• Posted by iThink on

      There is a balance that needs to be tended here. Some people do use these things to performatively, while many others (perhaps the majority?) are quite sincere. The idea that ‘gender-based violence’ can be eliminated is questionable in and of itself, of course. And it is important to at least consider the incentives here for those involved (some use the term ‘stakeholders’ here).

      For example, Pauktuutit exists to further the rights and protection of women. Does this mean they have an interest in the perpetuation of violence? No… but, in a way they do need issues worth working on to maintain their raison d’etre. What to do? Expand the scope of their concerns? Expand the definition of violence, maybe? I’m not sure… but it’s worth at least considering how incentives can play into their mission (if you would agree at least part of their mission is to continue functioning in perpetuity).

  3. Posted by Gender Based Violence on

    The term “gender-based violence” is very misleading, because the majority of the time it’s not referring to the root of the problem. It’s defined as armful acts directed at an individual based on their gender, and although this does exist, it’s not nearly to the same degree that the term is used for.
    Most often when people are referencing gender-based violence, they mean domestic violence, or at least are including domestic violence. Women are disproportionately the victims of violence in domestic cases, but the cause of the violence is not rooted in gender. If you look at abuse and violence in both gay and lesbian relationships, they are very similar or even higher than same-sex relationships. So the violence is not gender-based, it is relationship-based, and the women tend to be the victims of physical abuse more often because they are in general the physically smaller and/or weaker partner.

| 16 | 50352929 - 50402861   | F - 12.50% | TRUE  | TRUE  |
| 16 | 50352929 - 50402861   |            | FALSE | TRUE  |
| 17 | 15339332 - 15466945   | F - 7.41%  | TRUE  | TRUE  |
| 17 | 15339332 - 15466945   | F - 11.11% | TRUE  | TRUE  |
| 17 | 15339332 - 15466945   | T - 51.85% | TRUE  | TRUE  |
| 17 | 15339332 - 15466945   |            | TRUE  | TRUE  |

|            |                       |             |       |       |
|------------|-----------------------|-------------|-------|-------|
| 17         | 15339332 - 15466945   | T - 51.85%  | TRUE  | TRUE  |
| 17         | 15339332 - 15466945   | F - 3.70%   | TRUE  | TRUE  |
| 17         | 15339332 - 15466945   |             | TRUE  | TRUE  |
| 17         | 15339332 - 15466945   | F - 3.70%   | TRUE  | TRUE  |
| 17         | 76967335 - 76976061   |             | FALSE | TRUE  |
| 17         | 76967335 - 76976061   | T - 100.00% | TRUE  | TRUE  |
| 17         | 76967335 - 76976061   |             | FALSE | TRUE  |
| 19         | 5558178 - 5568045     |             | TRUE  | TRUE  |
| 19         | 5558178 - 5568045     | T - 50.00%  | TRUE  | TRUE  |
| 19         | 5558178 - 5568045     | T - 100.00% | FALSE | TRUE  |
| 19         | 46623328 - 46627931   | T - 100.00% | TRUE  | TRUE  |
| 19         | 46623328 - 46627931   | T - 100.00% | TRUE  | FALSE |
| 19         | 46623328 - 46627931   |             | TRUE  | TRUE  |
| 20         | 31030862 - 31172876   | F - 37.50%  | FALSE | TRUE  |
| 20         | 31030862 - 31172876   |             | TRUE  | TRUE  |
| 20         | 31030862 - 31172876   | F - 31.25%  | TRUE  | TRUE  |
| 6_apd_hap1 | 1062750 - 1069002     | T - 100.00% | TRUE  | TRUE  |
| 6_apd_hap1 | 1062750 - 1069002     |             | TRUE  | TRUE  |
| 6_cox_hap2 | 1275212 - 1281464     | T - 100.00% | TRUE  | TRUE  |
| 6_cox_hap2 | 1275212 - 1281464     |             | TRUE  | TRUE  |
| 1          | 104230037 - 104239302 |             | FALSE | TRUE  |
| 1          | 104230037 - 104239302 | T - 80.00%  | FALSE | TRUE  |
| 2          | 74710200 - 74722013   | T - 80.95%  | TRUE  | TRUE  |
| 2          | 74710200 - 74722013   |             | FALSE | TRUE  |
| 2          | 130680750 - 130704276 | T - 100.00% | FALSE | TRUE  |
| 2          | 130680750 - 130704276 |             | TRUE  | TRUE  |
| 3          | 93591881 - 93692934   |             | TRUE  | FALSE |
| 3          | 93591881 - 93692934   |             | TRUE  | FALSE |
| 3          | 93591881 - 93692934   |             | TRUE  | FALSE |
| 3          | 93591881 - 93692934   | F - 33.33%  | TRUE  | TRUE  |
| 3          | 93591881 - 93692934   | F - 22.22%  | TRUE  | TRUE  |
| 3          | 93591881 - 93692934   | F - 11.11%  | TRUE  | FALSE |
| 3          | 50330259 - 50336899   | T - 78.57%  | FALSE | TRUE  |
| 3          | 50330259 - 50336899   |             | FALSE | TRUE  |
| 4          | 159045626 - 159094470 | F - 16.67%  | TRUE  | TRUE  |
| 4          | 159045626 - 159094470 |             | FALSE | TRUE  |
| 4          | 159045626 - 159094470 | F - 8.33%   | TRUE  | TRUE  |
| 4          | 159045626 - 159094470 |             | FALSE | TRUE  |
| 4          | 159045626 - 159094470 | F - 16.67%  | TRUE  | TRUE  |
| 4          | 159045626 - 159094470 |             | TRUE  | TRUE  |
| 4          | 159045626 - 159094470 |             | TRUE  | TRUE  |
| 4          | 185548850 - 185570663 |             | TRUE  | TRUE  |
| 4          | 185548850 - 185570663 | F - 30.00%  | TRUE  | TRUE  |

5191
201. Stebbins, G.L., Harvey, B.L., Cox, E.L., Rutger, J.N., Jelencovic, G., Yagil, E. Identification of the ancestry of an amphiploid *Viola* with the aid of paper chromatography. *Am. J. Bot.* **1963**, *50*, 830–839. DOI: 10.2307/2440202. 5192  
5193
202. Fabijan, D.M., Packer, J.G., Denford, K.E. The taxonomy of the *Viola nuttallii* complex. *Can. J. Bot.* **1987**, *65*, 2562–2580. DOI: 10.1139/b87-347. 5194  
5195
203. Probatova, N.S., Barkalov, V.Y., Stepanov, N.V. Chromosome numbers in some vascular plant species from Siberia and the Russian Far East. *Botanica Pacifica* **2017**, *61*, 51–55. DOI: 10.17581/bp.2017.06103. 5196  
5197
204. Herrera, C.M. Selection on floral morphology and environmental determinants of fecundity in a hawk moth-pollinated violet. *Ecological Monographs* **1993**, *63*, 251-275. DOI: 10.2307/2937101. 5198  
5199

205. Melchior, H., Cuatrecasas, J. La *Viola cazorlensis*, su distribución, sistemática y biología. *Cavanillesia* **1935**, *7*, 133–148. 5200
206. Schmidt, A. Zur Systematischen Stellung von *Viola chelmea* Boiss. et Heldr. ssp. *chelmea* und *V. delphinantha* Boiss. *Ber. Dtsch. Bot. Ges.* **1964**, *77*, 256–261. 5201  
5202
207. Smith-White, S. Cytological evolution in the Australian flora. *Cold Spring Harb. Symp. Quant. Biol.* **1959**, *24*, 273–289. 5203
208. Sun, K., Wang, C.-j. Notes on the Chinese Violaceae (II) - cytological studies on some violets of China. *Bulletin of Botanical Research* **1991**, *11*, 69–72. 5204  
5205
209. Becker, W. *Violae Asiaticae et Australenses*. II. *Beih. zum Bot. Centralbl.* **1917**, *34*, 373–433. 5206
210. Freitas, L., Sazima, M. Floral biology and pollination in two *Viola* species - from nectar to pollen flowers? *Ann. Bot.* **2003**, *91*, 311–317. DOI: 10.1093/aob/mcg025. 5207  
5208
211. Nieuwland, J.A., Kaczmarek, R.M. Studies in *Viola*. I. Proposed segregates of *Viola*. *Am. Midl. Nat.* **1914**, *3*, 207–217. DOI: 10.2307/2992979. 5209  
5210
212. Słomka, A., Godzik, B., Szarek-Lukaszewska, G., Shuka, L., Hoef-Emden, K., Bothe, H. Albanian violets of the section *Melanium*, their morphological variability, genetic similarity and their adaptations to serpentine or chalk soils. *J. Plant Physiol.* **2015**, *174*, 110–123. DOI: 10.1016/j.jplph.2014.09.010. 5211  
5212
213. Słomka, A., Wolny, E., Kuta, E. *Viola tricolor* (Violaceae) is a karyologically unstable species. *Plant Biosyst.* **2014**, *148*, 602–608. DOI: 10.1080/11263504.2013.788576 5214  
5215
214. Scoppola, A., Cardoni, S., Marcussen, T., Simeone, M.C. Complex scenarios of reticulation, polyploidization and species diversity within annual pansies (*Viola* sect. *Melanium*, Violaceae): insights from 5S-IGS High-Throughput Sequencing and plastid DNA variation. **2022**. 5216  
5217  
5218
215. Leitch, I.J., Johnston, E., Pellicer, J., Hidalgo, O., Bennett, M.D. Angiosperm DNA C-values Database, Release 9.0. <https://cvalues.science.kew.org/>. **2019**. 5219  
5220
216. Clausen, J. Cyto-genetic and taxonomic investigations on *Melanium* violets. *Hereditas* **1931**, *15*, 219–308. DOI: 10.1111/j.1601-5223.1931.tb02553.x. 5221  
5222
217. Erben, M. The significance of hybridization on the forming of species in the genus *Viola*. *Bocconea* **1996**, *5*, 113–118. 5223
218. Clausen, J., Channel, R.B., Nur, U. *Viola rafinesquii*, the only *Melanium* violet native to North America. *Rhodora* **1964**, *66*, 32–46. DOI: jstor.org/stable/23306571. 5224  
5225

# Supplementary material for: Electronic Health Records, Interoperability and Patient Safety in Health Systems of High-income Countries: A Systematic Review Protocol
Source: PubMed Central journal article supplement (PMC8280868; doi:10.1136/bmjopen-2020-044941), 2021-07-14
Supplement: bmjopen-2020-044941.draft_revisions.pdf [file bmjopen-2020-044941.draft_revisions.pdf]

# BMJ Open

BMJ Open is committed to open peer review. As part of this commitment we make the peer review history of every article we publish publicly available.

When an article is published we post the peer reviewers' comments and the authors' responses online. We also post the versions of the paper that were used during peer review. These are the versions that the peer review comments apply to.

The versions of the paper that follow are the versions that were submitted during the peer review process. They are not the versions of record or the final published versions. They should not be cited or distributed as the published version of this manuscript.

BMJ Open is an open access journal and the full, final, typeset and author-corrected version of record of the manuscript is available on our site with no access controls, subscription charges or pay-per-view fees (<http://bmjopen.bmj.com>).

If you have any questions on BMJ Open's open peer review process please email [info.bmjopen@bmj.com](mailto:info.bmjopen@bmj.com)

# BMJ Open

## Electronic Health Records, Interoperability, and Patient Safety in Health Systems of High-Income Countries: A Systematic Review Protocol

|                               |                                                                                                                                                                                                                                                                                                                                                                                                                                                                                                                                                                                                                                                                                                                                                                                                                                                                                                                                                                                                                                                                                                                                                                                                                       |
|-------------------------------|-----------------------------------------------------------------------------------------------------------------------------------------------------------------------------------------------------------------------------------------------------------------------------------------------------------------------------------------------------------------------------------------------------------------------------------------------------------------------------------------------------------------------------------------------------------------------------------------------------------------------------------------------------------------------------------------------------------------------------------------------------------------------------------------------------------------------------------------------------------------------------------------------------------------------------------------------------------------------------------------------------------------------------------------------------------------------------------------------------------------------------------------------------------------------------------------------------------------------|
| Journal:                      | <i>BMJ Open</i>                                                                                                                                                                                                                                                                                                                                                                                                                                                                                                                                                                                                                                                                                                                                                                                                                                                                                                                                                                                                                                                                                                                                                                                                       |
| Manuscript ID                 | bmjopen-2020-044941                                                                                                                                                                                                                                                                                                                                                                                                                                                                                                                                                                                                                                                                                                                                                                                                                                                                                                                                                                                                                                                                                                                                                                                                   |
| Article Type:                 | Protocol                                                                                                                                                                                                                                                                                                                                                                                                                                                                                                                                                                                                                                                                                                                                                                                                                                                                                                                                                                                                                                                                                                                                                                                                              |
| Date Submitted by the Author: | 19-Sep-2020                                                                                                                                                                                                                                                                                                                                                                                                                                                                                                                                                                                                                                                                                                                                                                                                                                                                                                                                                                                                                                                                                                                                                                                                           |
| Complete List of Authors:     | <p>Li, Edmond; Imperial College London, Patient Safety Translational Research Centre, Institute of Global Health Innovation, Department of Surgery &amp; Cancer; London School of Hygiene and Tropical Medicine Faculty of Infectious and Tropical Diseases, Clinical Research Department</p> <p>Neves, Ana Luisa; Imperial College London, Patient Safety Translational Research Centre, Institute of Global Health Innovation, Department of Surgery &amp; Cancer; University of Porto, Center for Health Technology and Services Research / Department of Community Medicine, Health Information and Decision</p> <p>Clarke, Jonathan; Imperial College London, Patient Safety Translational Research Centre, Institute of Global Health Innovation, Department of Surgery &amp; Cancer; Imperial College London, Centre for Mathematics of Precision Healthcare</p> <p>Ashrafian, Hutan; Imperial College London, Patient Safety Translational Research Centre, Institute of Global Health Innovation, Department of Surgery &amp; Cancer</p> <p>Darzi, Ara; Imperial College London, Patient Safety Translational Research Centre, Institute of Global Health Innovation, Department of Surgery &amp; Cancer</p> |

I have serious doubts in supposed leaders trying to end gender-based violence that don’t understand correlation and causation.

    • Posted by iThink on

      To echo my comments above and tie them into this, your observation about the use of the term ‘gender based violence’ is an excellent one.

      If your mission (as is Pauktuutit’s) is to notice and draw attention to disparities and injustices based on gender then the configuration of male and female in any setting is where you will look and whatever the dynamics at play you are sure to find it: that is, to interpret whatever you see as ‘gender based’. So, whatever is happening is happening primarily because of gender. There’s a saying that resonates here; when all you have is a hammer, everything appears as a nail.

      An analogy to this is the charge of racism that surfaces every time a cop interacts with the member of a minority group and where the cop uses force. There are undoubtedly cases where the use of force is excessive and there are undoubtedly cases of racism, but the automatic attribution of racism to this dynamic in all cases has completely distorted the conversation around race as it has around policing issues.

      Of course to point out these threads is to be labelled all sorts of bad words; a racist, a misogynist, any kind of bad faith reading that will render not only your points, but you, as ‘bad’ ensures your ideas don’t need to be addressed or even mused about in public.